Davis has a very compact build at 6’-3” and 316 pounds with thick, powerfully built frame. His testing numbers at the combine were mostly below average to average.
However, this is a case where the combine results and the eye test will tell you two different things about a player. Davis earned rave reviews from his work in the field drills portion of the combine.
Guys that stood out in the mirror drill: Ryan Bates, Bradbury, and Nate Davis. Dillard’s base was way too narrow. Derwin Gray’s frame/build— Brandon Thorn (@BrandonThornNFL) March 1, 2019
NC State's Garrett Bradbury and Charlotte's Nate Davis did really well in OL drills. Wisconsin's reps looked well-versed technically. Andre Dillard looked great until that last lateral drill when he was winded. Hjalte Froholdt did well in that last lateral drill.— Josh Edwards (@JEdwar247) March 1, 2019
If you want to judge for yourself, you can check out most of Davis’ combine workouts in the video below.
Where you land on Davis’ athleticism — something that is generally viewed as a critical trait for zone blocking offensive linemen — likely comes down to how much you trust measured results versus how much you trust your eyes. Personally, I don’t believe Davis to be an elite athlete on the level of Garrett Bradbury or Chris Lindstrom, but he’s light, quick feet for a guy with his size and power and appears to have no trouble making quick movements in a small area.
For their part, it’s apparent that NFL scouts felt he could be a great fit in zone blocking schemes. Out of his ten reported pre-draft visits, six of them were with some of the heaviest practitioners of ZBS in the league (Vikings, Bears, Rams, Redskins, Falcons, and Titans). Davis himself claims that he prefers working in a zone blocking system.
Titans pick No. 82 is guard Nate Davis. Davis can play all positions along the offensive line. He'll instantly challenge for the starting RG spot. Davis said his preference is in a zone scheme which is exactly what the Titans employ. https://t.co/WrgPD4ouHC— TURRON DAVENPORT (@TDavenport_NFL) April 27, 2019
So let’s compare testing numbers and workout videos to what we see on film from Davis. One note before we jump in. I tried to spotlight Davis on each clip so you can see where he is, but since he jumps from guard to tackle, just make sure you’re looking for #64. He can also be identified by the neck roll that he wears on his shoulder pads.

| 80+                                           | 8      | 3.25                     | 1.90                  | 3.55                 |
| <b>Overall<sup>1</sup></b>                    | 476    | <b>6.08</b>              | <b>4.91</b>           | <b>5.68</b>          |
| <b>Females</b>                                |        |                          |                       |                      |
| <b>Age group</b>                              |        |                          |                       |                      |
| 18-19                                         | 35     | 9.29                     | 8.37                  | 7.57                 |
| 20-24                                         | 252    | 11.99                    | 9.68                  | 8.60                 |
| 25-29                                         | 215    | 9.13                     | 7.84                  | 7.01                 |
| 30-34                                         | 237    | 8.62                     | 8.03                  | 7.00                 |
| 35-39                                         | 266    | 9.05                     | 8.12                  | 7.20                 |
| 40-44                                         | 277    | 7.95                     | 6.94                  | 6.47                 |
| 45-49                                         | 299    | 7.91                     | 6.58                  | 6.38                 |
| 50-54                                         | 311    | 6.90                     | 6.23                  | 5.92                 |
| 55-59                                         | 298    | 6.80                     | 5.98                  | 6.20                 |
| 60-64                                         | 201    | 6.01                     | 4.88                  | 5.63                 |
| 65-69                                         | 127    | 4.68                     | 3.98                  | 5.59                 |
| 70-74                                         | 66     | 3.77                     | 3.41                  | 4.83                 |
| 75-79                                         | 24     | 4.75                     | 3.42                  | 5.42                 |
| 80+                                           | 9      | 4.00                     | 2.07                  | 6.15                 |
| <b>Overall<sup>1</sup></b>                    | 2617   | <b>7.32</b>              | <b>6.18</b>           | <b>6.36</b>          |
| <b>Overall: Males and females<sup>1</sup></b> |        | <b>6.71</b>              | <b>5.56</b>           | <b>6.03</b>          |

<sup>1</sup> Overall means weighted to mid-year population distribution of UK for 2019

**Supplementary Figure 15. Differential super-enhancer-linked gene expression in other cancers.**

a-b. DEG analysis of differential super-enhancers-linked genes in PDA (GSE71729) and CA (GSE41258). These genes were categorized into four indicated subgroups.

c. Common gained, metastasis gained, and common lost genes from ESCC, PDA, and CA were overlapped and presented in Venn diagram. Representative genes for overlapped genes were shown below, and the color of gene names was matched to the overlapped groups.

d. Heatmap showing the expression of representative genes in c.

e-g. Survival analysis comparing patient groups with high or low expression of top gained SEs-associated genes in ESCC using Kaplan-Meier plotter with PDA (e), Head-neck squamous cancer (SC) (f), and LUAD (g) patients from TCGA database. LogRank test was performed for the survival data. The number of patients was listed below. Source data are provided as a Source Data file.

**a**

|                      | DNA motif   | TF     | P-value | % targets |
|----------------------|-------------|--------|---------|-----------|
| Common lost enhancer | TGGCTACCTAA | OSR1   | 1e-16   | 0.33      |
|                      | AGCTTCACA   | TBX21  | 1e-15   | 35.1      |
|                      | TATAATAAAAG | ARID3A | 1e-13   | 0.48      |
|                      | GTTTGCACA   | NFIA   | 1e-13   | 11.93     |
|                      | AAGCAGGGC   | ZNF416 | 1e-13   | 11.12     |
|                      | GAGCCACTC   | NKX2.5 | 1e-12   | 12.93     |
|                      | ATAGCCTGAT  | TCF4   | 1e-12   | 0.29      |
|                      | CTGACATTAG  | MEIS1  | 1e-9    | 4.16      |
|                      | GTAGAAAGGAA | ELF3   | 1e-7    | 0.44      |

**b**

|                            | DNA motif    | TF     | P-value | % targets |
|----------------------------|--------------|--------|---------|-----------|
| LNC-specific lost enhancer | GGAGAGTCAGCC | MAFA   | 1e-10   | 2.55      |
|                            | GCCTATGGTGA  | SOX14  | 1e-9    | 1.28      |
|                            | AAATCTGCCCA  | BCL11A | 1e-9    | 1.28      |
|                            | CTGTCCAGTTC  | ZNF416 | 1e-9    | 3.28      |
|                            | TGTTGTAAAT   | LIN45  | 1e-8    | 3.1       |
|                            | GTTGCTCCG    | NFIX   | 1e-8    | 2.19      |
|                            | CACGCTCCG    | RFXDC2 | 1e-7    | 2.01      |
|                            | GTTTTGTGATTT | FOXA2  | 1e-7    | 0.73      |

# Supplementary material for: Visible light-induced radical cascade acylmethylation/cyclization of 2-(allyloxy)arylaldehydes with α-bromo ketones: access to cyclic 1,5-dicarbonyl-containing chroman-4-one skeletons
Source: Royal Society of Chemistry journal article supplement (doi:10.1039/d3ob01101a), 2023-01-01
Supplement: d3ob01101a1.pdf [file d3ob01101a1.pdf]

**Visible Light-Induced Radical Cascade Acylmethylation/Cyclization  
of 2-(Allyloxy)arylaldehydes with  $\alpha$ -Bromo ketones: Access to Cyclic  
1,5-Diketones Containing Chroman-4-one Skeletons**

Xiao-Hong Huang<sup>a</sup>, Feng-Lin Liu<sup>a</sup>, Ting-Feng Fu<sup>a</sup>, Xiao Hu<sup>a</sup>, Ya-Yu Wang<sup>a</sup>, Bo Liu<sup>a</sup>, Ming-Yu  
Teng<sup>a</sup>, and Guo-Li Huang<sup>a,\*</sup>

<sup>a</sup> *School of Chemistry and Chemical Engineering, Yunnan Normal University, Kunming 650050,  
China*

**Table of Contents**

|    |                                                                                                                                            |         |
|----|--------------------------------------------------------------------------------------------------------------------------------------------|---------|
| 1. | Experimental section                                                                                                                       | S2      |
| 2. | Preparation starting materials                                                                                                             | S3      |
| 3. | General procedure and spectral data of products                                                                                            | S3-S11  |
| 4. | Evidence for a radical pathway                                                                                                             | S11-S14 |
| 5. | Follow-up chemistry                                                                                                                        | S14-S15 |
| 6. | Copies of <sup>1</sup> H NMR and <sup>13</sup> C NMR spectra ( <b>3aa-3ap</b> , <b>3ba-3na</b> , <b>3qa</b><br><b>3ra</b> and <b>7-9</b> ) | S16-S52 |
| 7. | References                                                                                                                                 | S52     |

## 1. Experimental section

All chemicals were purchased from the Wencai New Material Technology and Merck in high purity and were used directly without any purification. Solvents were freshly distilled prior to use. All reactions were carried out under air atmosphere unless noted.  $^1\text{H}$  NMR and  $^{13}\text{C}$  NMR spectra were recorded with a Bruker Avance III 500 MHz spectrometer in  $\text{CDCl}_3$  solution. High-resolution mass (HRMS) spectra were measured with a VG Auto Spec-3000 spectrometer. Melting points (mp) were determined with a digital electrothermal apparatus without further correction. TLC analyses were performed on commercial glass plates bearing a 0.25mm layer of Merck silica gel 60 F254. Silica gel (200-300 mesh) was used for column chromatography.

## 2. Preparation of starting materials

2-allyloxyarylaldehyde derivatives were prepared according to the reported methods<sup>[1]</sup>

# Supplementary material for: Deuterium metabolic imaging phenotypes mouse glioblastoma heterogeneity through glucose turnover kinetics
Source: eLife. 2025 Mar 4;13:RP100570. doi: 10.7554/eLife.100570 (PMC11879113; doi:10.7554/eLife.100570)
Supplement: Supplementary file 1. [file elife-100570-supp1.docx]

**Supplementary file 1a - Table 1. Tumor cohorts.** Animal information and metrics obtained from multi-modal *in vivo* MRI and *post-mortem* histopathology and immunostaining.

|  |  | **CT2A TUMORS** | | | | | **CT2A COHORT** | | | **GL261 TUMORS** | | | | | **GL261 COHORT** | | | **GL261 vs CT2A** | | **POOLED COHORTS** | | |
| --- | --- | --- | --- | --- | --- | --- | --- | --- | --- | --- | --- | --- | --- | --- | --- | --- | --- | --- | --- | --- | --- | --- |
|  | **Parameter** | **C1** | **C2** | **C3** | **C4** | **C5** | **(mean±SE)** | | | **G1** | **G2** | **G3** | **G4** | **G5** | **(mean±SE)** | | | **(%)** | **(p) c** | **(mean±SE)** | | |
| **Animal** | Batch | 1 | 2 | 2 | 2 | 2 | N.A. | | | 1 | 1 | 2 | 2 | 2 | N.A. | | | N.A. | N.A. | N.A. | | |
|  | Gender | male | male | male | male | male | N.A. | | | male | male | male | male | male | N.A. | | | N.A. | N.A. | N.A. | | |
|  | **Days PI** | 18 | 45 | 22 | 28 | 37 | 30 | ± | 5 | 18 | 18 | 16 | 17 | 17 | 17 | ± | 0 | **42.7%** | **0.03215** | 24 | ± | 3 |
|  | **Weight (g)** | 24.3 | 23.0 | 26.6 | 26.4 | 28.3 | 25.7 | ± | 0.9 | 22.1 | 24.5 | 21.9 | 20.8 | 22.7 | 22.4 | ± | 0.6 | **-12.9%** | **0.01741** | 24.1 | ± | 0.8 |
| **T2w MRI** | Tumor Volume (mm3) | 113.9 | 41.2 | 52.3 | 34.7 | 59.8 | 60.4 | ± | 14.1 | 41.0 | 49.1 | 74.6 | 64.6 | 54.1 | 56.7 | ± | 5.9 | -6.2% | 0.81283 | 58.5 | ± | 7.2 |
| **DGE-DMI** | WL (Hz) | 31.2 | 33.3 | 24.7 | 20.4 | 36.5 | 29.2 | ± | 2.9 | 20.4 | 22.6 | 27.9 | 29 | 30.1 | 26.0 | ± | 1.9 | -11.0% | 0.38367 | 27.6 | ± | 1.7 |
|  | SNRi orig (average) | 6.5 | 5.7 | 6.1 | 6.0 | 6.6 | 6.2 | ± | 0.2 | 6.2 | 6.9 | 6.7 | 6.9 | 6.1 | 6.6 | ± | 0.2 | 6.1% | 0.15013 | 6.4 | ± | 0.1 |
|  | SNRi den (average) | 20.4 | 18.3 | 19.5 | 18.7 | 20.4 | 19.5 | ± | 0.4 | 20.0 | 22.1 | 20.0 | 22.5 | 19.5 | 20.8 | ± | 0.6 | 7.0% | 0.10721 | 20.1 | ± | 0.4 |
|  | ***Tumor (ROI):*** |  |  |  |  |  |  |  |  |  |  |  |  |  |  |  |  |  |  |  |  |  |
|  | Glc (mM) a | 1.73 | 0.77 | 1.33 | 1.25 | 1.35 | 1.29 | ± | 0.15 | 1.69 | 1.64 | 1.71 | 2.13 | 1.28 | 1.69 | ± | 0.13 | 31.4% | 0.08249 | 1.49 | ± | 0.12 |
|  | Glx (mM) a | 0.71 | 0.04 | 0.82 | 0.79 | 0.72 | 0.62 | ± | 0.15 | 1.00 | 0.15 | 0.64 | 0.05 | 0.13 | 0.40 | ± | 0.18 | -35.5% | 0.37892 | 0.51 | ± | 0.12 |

The first thing that jumps out is his “frog stance” that he uses. It’s certainly a unique starting point for an offensive lineman, but it seems to work for Davis. I’m not sure whether the Titans staff will try to tinker with that at all this summer, but the concern surrounding this starting point would be whether it would cause him to pop straight up after the snap rather than firing out as you’d like to see. The good news is that the stance shows outstanding lower body strength and flexibility which are physical traits he can work with even if the stance itself isn’t ideal.
You can see a good view of the frog stance below, but let’s jump into his pass protection ability first. Davis has a naturally wide base (maybe even a bit too wide here) which gives him a powerful platform to work off of, but the thing that jumps out to me is the movement of his feet. As an offensive linemen, you really want to keep your feet on the ground as much as possible while taking small steps to mirror your opponent’s movements. Big steps lead to getting beat. He also does a nice job of being aggressive and making contact with his opponent at or near the line of scrimmage. You can see all that in this rep here.
Here’s another example, this time from the Senior Bowl. Davis is facing a bull rush here and while he does give up a little ground, he ultimately is able to sink his hips and stop the defender’s momentum. Davis did an excellent job throughout the week at the Senior Bowl, answering some questions about his ability to hang with a higher level of competition and boosting his draft stock in the process.
Here is another rep against an attempted bull rush in the Senior Bowl. Again, another nice win as he’s able to drop his anchor and hold off the rush. He does get caught with his hands a little wide here though which isn’t ideal. You’d like to see him get those hands inside on the chest plate rather than outside on the shoulders, but he finds a way to get the job done.